That program is described as “a discrete collaborative effort between the Democracy Council and local partners” to produce, among other things, “various broadcast concepts.” Other cables make clear that one of those concepts was Barada TV.

U.S. allocations

Edgar Vasquez, a State Department spokesman, said the Middle East Partnership Initiative has allocated $7.5 million for Syrian programs since 2005. A cable from the embassy in Damascus, however, pegged a much higher total — about $12 million — between 2005 and 2010.

The cables report persistent fears among U.S. diplomats that Syrian state security agents had uncovered the money trail from Washington.

A September 2009 cable reported that Syrian agents had interrogated a number of people about “MEPI operations in particular,” a reference to the Middle East Partnership Initiative.

“It is unclear to what extent [Syrian] intelligence services understand how USG money enters Syria and through which proxy organizations,” the cable stated, referring to funding from the U.S. government. “What is clear, however, is that security agents are increasingly focused on this issue.”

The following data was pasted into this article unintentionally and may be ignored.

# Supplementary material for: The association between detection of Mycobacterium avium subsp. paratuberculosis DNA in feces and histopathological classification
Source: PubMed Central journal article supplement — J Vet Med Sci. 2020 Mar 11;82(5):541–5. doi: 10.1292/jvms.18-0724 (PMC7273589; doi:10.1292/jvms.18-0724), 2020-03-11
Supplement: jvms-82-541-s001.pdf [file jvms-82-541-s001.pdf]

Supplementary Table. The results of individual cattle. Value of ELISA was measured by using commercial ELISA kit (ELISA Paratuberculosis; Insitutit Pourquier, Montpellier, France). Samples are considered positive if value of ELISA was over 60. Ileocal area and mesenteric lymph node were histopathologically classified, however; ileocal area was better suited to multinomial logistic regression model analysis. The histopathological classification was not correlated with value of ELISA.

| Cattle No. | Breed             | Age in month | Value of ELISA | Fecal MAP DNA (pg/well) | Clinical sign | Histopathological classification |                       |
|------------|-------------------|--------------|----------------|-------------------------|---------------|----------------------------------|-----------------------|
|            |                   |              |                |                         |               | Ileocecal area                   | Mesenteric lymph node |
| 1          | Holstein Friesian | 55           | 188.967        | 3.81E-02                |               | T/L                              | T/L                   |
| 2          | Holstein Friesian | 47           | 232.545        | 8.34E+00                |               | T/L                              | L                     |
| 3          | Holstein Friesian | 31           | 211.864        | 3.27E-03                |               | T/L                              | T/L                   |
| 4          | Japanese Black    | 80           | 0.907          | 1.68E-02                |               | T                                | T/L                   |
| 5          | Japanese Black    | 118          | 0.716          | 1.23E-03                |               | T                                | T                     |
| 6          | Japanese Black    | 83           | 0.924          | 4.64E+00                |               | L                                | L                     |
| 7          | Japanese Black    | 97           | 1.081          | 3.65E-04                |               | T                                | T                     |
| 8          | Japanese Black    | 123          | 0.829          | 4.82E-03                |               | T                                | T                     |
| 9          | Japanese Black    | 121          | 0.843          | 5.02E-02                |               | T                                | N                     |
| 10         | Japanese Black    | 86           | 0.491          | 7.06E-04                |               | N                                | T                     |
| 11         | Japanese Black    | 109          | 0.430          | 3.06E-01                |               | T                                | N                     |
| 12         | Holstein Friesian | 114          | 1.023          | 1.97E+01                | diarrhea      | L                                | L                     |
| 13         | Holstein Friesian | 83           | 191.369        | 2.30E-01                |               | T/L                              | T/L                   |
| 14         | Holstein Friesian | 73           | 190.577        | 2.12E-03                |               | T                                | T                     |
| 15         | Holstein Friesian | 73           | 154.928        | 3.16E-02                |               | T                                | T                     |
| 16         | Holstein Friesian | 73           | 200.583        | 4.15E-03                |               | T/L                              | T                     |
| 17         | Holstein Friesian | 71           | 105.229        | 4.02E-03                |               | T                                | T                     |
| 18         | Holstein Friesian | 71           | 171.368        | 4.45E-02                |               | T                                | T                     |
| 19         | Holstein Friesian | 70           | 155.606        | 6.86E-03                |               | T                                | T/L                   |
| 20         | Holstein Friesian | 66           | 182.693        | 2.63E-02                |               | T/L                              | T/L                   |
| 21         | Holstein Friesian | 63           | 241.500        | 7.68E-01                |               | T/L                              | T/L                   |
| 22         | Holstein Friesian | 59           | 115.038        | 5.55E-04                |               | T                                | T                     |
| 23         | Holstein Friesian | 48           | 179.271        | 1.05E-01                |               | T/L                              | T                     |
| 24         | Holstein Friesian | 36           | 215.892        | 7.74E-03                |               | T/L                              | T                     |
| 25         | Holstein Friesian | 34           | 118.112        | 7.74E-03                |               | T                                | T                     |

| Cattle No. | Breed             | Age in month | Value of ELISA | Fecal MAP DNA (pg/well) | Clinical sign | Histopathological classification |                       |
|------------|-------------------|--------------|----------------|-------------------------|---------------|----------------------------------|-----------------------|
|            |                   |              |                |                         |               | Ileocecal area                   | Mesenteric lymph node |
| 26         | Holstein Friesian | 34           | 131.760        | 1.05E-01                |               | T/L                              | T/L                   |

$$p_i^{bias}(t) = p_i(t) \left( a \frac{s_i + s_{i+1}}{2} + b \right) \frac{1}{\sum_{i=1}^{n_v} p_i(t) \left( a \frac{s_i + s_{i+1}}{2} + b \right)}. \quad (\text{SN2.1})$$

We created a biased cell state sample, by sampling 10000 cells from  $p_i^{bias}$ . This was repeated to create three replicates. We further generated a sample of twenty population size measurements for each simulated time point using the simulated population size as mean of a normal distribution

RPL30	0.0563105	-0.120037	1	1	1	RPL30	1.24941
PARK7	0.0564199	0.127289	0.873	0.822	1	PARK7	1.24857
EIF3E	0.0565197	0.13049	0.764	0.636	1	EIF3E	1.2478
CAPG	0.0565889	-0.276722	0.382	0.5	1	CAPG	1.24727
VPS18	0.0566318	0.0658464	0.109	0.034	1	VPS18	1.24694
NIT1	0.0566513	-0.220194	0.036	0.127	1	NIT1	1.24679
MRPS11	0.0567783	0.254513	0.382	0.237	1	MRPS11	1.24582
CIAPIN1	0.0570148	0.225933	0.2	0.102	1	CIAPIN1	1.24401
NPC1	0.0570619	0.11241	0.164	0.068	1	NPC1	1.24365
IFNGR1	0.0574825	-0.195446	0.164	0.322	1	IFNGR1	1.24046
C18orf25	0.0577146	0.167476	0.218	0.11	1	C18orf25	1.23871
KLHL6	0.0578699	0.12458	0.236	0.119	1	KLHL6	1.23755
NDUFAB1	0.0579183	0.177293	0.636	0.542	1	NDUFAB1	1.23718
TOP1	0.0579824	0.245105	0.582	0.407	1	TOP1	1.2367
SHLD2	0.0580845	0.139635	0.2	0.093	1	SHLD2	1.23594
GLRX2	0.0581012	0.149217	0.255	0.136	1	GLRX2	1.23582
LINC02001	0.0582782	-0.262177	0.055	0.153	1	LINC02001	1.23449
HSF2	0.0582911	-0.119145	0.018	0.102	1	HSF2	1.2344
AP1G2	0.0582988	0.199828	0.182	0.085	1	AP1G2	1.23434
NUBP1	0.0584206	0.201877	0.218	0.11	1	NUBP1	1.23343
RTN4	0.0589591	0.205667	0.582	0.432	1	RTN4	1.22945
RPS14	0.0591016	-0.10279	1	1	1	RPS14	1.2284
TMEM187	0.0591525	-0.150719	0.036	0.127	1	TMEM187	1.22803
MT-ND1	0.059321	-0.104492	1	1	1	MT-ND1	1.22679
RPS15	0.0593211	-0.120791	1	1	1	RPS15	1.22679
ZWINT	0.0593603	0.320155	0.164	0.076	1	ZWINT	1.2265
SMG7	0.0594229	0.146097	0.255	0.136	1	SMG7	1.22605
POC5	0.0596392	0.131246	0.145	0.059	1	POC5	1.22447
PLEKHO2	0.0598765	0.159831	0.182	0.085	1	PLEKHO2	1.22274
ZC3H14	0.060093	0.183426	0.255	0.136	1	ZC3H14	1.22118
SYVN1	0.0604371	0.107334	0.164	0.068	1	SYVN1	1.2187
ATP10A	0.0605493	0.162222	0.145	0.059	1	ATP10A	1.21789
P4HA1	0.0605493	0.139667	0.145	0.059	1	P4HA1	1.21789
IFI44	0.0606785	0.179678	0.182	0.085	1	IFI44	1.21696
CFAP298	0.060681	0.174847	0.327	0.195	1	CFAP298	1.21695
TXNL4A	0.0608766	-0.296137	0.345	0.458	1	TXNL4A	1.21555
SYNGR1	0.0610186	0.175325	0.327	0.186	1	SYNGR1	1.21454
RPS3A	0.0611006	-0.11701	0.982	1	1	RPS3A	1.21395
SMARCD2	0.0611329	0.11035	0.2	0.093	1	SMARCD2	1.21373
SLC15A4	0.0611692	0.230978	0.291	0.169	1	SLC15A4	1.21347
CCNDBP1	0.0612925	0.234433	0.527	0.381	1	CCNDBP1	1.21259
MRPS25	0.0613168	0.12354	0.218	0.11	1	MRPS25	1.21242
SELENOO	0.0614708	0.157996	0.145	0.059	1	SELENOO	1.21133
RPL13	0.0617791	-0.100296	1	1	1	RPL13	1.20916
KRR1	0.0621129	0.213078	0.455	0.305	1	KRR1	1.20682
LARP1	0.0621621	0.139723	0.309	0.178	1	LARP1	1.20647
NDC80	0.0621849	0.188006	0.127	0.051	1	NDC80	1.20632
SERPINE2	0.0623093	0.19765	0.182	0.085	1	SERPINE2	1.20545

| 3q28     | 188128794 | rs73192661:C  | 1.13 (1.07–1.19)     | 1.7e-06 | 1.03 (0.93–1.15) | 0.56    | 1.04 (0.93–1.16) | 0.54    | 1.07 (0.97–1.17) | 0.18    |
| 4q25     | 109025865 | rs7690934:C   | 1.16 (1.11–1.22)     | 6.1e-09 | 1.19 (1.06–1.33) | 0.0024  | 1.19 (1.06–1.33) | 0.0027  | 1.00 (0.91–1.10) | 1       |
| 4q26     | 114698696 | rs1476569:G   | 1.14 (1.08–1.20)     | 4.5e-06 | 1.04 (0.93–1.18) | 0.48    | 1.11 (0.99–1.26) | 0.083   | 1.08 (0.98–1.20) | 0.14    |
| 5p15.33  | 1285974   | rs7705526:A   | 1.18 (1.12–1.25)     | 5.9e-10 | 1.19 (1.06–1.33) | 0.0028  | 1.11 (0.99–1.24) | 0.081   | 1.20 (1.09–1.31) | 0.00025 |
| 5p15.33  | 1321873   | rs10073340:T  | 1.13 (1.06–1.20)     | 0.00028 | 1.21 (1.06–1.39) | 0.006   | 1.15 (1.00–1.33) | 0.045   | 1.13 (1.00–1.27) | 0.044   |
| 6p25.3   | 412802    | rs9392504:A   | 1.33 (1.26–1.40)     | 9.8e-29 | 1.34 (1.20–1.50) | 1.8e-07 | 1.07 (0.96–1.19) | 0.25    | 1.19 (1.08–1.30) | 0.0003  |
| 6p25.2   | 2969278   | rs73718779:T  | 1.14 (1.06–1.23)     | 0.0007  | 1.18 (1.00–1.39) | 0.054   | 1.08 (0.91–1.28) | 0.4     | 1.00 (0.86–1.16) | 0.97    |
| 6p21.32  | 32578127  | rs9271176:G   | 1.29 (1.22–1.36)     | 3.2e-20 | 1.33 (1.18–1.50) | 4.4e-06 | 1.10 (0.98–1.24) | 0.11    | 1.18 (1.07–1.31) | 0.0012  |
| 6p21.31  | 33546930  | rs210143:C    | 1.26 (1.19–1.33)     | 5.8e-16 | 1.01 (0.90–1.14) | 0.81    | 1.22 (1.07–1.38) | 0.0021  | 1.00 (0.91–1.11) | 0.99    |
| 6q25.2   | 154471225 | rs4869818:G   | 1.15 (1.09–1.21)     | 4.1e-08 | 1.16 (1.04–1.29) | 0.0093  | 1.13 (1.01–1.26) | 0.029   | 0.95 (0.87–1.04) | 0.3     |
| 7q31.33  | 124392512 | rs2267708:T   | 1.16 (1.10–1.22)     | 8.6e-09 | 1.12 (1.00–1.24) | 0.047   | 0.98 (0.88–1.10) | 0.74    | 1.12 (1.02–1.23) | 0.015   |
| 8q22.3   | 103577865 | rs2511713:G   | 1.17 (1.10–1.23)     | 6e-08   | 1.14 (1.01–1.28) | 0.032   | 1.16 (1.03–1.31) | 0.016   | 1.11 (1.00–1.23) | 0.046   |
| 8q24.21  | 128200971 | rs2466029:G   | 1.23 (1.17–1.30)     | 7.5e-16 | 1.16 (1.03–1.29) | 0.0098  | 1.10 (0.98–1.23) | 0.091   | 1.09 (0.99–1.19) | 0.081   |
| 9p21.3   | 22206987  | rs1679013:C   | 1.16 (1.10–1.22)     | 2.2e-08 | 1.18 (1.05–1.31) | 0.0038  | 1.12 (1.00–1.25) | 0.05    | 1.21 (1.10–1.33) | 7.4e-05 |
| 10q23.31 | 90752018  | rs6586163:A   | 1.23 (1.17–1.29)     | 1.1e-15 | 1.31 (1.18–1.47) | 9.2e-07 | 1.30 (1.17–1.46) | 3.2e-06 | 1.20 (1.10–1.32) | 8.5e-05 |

U.S. diplomats also warned that Syrian agents may have “penetrated” the Movement for Justice and Development by intercepting its communications.

A June 2009 cable listed the concerns under the heading “MJD: A Leaky Boat?” It reported that the group was “seeking to expand its base in Syria” but had been “initially lax in its security, often speaking about highly sensitive material on open lines.”

The cable cited evidence that the Syrian intelligence service was aware of the connection between the London exile group and the Democracy Council in Los Angeles. As a result, embassy officials fretted that the entire Syria assistance program had been compromised.

“Reporting in other channels suggest the Syrian [Mukhabarat] may already have penetrated the MJD and is using the MJD contacts to track U.S. democracy programming,” the cable stated. “If the [Syrian government] does know, but has chosen not to intervene openly, it raises the possibility that the [government] may be mounting a campaign to entrap democracy activists.”

U.S. secretly backed Syrian opposition groups, cables released by WikiLeaks show - The Washington Post
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numeral
Posted: Feb 19 2012, 09:15 PM





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QUOTE